Cricket meets Bollywood? An Englishman ditches tradition

Even an English cricket traditionalist has to admit that the Indian Premier League offers a raucous good time.

Danish Siddiqui/Reuters
Fans react as they watch the ICC Cricket World Cup semi-final match between India and Pakistan on a screen in Mumbai March 30, 2011.

I have just witnessed a miracle: a game of cricket that even Americans could understand.

And not just because of the pom-pom brandishing cheerleaders, regular trumpet blasts over the PA system, and popcorn sellers in the stands that are familiar to sports fans in the United States.

The Indian Premier League (IPL) has taken the sedate, subtle game that I learned as a young English boy, played in elegant whites over five days, and turned it into a big-hitting, three hour spectacle that has borrowed freely from Major League Baseball.

In fact Indians have taken their British colonial sporting legacy and put it through a mincer. No more cucumber sandwiches and polite scattered applause at a nicely judged hook to backward square leg.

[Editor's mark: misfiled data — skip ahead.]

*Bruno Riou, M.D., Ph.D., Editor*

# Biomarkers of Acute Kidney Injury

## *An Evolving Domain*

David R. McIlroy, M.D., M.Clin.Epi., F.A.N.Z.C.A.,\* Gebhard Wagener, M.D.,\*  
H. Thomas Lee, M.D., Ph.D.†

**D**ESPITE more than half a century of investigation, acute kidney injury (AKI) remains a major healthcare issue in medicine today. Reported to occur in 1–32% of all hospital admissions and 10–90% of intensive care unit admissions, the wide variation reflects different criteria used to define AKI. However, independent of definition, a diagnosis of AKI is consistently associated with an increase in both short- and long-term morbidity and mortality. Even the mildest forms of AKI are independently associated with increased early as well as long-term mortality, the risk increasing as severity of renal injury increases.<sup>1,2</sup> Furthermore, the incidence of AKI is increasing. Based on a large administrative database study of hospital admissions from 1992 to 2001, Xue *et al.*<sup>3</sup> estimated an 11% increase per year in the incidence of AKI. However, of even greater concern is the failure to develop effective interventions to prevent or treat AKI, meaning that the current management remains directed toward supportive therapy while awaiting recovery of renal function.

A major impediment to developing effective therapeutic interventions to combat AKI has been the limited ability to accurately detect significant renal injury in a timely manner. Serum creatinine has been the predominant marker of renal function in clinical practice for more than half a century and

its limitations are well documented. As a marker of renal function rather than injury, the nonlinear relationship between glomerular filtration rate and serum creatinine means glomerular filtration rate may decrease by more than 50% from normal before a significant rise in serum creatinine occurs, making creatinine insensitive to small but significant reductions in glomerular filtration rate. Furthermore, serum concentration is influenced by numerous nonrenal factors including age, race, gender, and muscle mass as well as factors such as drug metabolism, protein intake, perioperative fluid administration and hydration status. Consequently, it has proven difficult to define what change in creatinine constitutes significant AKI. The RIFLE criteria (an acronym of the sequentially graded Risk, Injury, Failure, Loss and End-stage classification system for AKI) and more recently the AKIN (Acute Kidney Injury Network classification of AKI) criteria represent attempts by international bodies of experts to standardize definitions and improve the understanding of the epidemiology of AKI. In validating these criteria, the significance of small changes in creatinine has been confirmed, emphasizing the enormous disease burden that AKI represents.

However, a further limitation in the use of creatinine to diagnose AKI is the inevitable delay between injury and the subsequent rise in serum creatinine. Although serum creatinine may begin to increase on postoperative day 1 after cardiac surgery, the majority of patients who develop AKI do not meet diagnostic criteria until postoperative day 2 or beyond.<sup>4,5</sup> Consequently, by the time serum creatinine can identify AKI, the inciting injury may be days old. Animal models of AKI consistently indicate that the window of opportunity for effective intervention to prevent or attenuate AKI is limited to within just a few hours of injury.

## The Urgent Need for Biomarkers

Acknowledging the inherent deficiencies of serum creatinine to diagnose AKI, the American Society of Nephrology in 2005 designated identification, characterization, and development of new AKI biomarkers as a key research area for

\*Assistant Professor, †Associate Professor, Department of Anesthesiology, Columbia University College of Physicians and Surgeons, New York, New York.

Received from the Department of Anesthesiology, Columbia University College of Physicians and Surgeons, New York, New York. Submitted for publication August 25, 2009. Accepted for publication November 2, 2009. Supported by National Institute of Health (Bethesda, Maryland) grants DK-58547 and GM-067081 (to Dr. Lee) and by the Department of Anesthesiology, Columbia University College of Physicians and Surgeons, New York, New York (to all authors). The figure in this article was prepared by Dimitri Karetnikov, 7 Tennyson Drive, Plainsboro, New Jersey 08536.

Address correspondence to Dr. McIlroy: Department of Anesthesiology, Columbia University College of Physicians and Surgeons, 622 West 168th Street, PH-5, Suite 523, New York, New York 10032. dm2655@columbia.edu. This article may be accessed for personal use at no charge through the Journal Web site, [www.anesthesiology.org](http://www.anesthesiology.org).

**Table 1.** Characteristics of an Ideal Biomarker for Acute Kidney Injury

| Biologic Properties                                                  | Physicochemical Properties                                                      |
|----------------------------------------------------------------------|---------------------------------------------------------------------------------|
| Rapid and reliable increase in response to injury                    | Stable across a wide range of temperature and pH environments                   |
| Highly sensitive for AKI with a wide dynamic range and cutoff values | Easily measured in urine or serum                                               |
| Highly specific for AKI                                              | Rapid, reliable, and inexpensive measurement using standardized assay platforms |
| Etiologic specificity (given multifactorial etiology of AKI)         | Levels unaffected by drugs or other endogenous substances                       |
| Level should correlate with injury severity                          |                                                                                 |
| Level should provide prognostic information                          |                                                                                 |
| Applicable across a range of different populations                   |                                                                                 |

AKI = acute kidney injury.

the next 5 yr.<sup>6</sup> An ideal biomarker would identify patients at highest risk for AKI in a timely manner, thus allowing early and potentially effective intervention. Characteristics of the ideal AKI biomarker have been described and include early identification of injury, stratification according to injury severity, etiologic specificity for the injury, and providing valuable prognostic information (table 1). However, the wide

Instead, in the brash, hyper-fast and colorful version of the game played here – it might be called “cricket meets Bollywood” – enthusiastically noisy crowds leap to their feet to cheer the “sixes” (the equivalent of a home run) that the batsmen are obliged to aim for because each team has only 120 balls (pitches) to score from.

This evening the Hyderabad Sunrisers beat the Bangalore Royal Challengers with two balls to spare, in the sort of nail-biting thriller finish that the rules of Twenty20 cricket, a newer and shorter version of the game, are designed to ensure. 

The local fans, though, scarcely seemed to mind which side was winning; they were as raucous in their applause for big hits by the opposition as they were for the home team. IPL cricket is meant to be pure entertainment, offering drama at every twist and turn of the game, and who actually wins is secondary to many spectators.

Even an English cricket traditionalist, brought up to appreciate grace and style, has to admit that though the IPL game rewards a cruder, more aggressive approach, it is enormous fun to watch, and the crowds are enormous fun to be part of.

Whether the game has to be quite so relentlessly commercial (the TV rights for Twenty20 sold for $1.5 billion and top players earn $2 million for six weeks’ work) or quite so corrupt (matches and even individual plays have been fixed by bookmakers), a traditionalist has the right to ask.

But one thing is sure; it will be a long time before I sit through another five day international cricket match that is as likely as not going to end in a draw. Mark me down as a thrills and spills IPL convert.

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